Explore a number pattern which has the same symmetries in different bases.

A composite number is one that is neither prime nor 1. Show that 10201 is composite in any base.

If you think that mathematical proof is really clearcut and universal then you should read this article.

Janine noticed, while studying some cube numbers, that if you take three consecutive whole numbers and multiply them together and then add the middle number of the three, you get the middle number. . . .

Take a number, add its digits then multiply the digits together, then multiply these two results. If you get the same number it is an SP number.

In this 7-sandwich: 7 1 3 1 6 4 3 5 7 2 4 6 2 5 there are 7 numbers between the 7s, 6 between the 6s etc. The article shows which values of n can make n-sandwiches and which cannot.

An article which gives an account of some properties of magic squares.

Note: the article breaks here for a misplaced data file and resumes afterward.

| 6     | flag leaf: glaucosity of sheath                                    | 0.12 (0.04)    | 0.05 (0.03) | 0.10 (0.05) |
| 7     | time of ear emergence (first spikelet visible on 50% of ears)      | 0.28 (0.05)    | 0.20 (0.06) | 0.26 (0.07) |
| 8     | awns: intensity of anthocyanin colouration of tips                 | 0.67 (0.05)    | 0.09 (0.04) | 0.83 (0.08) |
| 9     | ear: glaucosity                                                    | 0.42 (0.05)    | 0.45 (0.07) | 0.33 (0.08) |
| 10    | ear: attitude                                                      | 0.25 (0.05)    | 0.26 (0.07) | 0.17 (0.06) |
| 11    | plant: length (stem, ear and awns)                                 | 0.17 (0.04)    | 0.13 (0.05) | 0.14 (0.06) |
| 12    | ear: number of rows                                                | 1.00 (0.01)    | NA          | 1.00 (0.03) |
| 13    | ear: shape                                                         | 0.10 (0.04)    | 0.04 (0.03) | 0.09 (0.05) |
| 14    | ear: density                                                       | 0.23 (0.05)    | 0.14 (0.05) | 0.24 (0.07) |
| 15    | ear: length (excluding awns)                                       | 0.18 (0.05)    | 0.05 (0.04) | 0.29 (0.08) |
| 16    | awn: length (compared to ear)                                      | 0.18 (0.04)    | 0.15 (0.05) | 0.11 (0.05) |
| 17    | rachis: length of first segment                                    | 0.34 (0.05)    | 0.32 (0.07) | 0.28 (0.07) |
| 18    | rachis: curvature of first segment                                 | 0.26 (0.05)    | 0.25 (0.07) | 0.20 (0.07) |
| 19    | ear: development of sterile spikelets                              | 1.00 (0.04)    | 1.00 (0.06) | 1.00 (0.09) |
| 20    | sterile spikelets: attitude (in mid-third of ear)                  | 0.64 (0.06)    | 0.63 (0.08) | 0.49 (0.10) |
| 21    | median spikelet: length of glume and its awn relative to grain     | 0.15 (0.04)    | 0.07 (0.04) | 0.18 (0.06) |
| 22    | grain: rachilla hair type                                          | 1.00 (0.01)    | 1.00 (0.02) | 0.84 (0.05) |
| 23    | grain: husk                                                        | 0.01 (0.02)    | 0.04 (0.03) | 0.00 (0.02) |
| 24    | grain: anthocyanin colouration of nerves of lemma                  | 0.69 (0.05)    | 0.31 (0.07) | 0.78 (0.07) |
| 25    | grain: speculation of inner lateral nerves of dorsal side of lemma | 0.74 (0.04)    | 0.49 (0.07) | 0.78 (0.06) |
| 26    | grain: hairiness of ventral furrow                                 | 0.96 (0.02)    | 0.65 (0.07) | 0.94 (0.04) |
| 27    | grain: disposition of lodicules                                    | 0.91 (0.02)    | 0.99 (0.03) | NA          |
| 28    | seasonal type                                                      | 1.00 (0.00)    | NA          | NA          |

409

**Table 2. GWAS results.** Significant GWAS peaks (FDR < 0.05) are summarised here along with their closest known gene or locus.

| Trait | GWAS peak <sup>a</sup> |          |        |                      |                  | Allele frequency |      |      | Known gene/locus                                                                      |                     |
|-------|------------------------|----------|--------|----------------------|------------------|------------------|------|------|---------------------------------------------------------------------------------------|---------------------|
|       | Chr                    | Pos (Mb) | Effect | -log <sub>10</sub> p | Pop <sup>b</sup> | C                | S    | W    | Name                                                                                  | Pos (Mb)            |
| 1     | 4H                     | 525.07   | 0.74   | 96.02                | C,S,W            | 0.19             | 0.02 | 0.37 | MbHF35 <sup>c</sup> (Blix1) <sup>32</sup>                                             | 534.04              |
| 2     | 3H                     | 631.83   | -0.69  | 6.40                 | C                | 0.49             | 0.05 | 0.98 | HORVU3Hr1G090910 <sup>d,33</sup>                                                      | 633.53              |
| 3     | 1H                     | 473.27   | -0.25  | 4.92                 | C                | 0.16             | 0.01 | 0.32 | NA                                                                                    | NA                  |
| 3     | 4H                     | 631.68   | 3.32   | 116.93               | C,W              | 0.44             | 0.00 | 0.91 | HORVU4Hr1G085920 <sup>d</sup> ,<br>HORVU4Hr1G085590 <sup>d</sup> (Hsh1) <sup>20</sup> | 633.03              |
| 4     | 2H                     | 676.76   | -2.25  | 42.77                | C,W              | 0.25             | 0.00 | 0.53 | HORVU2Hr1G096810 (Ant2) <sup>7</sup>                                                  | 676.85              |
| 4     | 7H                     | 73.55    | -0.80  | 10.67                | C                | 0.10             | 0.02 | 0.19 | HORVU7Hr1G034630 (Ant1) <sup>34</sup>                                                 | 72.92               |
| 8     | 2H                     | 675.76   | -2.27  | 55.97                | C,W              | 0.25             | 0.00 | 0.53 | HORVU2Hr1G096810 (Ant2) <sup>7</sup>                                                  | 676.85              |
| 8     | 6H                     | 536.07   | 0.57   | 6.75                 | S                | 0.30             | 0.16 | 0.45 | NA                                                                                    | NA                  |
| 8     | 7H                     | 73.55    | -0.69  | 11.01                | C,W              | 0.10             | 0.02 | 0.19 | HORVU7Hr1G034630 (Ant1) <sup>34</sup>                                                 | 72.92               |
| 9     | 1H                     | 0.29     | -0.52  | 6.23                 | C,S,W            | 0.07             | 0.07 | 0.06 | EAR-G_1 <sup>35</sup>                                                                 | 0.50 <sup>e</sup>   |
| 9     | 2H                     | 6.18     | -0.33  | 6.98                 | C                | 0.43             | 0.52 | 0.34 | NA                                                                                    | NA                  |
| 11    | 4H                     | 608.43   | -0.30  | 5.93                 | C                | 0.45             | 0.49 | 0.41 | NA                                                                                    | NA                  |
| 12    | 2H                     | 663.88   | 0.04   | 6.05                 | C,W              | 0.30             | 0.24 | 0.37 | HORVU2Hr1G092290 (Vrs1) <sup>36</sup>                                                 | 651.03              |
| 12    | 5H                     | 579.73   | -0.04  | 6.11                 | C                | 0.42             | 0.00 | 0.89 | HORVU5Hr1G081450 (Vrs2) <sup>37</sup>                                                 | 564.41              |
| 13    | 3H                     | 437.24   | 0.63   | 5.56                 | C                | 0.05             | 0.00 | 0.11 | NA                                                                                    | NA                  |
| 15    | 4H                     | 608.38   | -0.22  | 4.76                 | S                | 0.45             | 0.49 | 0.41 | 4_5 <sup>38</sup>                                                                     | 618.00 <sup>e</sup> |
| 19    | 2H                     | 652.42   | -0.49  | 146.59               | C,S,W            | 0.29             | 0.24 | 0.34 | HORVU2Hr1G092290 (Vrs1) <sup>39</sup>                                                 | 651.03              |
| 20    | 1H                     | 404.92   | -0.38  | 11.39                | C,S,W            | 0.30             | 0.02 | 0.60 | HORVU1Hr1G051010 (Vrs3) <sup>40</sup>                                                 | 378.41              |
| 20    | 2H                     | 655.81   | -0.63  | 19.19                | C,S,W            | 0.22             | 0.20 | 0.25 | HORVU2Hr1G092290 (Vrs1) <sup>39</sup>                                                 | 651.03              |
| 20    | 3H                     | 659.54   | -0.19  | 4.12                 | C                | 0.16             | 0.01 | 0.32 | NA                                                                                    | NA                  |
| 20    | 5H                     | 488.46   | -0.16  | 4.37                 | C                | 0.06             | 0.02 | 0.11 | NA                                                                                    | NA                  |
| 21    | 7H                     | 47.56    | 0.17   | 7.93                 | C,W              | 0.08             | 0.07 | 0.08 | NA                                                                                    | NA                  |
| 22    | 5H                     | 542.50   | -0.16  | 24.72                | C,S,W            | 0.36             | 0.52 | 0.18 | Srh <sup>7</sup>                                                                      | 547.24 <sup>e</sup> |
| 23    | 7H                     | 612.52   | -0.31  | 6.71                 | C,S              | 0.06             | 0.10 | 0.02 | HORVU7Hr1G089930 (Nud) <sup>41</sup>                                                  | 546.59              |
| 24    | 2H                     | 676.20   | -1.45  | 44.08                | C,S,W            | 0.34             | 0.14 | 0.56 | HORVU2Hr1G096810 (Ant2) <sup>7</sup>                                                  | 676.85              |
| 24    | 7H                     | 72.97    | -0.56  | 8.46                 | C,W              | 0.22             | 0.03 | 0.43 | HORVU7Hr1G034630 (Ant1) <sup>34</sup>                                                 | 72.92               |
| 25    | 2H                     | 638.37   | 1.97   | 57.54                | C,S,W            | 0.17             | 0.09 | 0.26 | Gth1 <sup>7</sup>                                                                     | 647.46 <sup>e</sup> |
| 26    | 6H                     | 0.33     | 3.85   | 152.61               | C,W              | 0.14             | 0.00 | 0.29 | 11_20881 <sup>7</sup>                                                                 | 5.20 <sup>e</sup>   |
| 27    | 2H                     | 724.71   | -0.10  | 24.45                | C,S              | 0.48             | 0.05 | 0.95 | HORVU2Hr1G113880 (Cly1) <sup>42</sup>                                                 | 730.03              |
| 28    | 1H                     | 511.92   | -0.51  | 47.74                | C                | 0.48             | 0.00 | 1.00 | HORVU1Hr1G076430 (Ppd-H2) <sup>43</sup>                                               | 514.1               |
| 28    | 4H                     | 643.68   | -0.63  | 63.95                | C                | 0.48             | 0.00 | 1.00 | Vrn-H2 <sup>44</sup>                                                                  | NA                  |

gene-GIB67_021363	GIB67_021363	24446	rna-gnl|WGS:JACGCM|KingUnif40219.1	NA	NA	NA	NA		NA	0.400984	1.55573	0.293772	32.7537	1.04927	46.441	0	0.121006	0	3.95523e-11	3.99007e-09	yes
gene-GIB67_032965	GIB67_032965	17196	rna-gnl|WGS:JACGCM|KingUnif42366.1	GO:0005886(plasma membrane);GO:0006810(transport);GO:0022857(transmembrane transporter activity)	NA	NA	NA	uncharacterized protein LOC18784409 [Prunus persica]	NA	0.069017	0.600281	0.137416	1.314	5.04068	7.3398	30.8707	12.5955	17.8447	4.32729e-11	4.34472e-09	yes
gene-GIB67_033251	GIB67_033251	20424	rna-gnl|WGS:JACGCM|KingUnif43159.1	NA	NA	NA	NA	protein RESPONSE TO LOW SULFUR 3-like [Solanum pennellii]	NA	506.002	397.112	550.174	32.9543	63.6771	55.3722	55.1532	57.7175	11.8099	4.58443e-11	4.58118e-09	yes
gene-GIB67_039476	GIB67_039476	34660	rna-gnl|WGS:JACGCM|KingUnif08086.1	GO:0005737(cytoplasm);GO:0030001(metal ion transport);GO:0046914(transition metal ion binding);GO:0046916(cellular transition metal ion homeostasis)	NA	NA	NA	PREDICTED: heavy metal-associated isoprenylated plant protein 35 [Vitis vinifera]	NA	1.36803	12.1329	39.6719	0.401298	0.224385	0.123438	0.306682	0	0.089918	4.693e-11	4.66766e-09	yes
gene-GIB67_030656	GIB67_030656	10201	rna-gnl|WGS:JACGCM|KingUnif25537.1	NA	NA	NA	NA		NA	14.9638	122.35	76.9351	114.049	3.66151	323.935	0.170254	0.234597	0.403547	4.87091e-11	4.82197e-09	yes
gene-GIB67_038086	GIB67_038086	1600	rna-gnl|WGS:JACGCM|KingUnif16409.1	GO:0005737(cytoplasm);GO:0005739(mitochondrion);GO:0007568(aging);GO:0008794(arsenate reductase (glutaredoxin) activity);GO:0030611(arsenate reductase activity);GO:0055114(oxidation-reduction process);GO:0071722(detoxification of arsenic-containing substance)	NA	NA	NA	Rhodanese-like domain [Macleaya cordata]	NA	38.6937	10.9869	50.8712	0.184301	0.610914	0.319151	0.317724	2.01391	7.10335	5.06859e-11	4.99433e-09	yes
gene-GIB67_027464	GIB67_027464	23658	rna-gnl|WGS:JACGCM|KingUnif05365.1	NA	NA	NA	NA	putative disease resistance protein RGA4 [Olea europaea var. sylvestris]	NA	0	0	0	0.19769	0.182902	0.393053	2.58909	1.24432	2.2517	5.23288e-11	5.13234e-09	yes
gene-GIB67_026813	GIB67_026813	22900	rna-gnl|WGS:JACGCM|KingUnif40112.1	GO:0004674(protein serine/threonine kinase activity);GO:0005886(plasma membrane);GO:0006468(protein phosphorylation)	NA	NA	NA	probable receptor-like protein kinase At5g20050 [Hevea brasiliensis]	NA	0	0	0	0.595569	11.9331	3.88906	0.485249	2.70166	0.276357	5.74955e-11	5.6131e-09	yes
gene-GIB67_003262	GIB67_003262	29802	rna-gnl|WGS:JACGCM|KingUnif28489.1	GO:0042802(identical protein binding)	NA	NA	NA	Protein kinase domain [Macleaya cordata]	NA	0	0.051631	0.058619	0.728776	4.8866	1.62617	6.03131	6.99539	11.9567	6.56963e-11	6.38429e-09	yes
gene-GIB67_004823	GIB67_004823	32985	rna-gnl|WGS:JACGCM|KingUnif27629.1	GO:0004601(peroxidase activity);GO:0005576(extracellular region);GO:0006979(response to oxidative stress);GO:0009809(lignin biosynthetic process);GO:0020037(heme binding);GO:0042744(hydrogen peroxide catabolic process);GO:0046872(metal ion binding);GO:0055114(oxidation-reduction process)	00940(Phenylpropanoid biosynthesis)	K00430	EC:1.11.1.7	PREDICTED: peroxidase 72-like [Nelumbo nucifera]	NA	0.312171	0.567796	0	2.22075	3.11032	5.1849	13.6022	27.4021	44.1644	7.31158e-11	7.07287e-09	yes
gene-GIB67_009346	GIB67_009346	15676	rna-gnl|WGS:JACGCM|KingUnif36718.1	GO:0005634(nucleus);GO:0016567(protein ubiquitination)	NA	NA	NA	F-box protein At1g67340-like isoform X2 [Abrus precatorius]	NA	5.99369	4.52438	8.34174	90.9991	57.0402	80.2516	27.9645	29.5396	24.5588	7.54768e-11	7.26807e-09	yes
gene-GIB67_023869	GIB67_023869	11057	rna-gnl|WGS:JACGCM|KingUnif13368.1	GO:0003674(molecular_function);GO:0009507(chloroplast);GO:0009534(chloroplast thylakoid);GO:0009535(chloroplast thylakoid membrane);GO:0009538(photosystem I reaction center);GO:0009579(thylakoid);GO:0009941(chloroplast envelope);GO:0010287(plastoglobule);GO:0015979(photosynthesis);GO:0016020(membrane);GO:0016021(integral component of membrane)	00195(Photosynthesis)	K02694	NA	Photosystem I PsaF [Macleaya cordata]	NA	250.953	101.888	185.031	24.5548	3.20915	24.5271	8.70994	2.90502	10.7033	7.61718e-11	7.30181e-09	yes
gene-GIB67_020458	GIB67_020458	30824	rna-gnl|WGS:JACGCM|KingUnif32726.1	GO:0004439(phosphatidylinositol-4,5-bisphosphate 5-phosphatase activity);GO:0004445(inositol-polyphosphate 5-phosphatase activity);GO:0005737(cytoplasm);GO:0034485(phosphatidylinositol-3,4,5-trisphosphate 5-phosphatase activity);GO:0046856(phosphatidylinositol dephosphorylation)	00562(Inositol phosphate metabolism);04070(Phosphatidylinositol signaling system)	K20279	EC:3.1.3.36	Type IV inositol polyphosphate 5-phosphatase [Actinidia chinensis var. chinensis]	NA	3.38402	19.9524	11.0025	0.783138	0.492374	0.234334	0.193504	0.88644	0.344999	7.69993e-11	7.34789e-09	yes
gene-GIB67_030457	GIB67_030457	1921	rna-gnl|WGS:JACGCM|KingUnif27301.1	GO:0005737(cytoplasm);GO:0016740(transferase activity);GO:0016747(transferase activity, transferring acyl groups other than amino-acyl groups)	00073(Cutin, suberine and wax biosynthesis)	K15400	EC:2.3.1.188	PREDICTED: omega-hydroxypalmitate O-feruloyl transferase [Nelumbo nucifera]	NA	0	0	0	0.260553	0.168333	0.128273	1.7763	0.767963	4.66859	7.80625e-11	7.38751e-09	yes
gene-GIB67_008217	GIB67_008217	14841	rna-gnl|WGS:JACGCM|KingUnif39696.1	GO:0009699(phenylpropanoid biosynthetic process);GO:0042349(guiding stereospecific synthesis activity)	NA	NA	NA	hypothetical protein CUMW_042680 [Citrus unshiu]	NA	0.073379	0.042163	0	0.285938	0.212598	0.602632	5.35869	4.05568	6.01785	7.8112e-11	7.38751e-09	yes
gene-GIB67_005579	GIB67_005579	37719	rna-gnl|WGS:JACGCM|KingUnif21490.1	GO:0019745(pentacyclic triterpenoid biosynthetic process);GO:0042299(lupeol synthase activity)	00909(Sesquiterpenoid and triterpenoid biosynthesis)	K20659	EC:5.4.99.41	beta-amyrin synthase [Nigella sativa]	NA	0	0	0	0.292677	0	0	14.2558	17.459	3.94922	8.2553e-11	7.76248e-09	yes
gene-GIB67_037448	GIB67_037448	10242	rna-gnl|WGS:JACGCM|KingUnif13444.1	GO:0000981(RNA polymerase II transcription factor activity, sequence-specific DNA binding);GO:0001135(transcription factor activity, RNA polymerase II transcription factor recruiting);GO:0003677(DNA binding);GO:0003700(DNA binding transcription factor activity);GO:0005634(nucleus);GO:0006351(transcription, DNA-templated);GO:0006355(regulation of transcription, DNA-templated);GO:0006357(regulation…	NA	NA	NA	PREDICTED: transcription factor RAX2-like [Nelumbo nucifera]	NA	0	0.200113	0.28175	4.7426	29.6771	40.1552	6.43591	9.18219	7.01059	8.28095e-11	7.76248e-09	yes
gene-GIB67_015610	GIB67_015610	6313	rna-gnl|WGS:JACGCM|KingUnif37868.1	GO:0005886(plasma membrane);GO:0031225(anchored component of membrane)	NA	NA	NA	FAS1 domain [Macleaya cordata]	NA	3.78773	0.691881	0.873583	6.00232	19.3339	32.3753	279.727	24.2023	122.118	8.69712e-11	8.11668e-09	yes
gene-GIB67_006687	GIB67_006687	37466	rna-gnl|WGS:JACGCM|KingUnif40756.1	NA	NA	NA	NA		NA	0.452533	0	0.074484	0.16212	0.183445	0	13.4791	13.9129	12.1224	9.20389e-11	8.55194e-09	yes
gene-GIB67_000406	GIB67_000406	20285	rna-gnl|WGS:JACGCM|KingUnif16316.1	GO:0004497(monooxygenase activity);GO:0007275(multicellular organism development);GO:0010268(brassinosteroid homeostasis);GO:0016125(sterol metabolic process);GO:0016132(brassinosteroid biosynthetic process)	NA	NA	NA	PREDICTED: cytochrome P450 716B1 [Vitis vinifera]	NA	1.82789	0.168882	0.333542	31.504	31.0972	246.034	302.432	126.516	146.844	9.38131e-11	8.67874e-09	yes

The picture illustrates the sum 1 + 2 + 3 + 4 = (4 x 5)/2. Prove the general formula for the sum of the first n natural numbers and the formula for the sum of the cubes of the first n natural. . . .

Freddie Manners, of Packwood Haugh School in Shropshire solved an alphanumeric without using the extra information supplied and this article explains his reasoning.

Take any two numbers between 0 and 1. Prove that the sum of the numbers is always less than one plus their product?

With n people anywhere in a field each shoots a water pistol at the nearest person. In general who gets wet? What difference does it make if n is odd or even?

Imagine two identical cylindrical pipes meeting at right angles and think about the shape of the space which belongs to both pipes. Early Chinese mathematicians call this shape the mouhefanggai.

A serious but easily readable discussion of proof in mathematics with some amusing stories and some interesting examples.

This article discusses how every Pythagorean triple (a, b, c) can be illustrated by a square and an L shape within another square. You are invited to find some triples for yourself.

This is an interactivity in which you have to sort the steps in the completion of the square into the correct order to prove the formula for the solutions of quadratic equations.